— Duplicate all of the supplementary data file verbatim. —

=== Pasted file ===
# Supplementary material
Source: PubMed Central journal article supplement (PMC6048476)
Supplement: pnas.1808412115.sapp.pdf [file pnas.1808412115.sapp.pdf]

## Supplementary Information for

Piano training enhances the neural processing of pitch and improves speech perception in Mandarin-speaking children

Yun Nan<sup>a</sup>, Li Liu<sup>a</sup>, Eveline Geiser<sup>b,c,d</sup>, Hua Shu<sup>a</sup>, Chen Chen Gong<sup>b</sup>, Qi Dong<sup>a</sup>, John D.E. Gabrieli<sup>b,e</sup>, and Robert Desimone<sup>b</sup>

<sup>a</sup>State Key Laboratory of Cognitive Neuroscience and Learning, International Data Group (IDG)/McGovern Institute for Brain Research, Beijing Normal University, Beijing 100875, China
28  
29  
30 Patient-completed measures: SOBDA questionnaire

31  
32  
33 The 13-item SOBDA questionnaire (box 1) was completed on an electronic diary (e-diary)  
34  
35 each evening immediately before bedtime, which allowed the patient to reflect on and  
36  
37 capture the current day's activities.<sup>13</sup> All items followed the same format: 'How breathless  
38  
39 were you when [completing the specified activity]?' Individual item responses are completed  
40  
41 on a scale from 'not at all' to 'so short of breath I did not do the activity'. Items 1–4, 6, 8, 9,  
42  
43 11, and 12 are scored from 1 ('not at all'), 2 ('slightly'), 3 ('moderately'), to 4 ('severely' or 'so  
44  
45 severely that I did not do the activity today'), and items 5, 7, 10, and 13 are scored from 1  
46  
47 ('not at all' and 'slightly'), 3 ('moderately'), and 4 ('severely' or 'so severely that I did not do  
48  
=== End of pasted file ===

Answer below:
# Supplementary material
Source: PubMed Central journal article supplement (PMC6048476)
Supplement: pnas.1808412115.sapp.pdf [file pnas.1808412115.sapp.pdf]

## Supplementary Information for

Piano training enhances the neural processing of pitch and improves speech perception in Mandarin-speaking children

Yun Nan<sup>a</sup>, Li Liu<sup>a</sup>, Eveline Geiser<sup>b,c,d</sup>, Hua Shu<sup>a</sup>, Chen Chen Gong<sup>b</sup>, Qi Dong<sup>a</sup>, John D.E. Gabrieli<sup>b,e</sup>, and Robert Desimone<sup>b</sup>

<sup>a</sup>State Key Laboratory of Cognitive Neuroscience and Learning, International Data Group (IDG)/McGovern Institute for Brain Research, Beijing Normal University, Beijing 100875, China
28  
29  
30 Patient-completed measures: SOBDA questionnaire

31  
32  
33 The 13-item SOBDA questionnaire (box 1) was completed on an electronic diary (e-diary)  
34  
35 each evening immediately before bedtime, which allowed the patient to reflect on and  
36  
37 capture the current day's activities.<sup>13</sup> All items followed the same format: 'How breathless  
38  
39 were you when [completing the specified activity]?' Individual item responses are completed  
40  
41 on a scale from 'not at all' to 'so short of breath I did not do the activity'. Items 1–4, 6, 8, 9,  
42  
43 11, and 12 are scored from 1 ('not at all'), 2 ('slightly'), 3 ('moderately'), to 4 ('severely' or 'so  
44  
45 severely that I did not do the activity today'), and items 5, 7, 10, and 13 are scored from 1  
46  
47 ('not at all' and 'slightly'), 3 ('moderately'), and 4 ('severely' or 'so severely that I did not do  
48  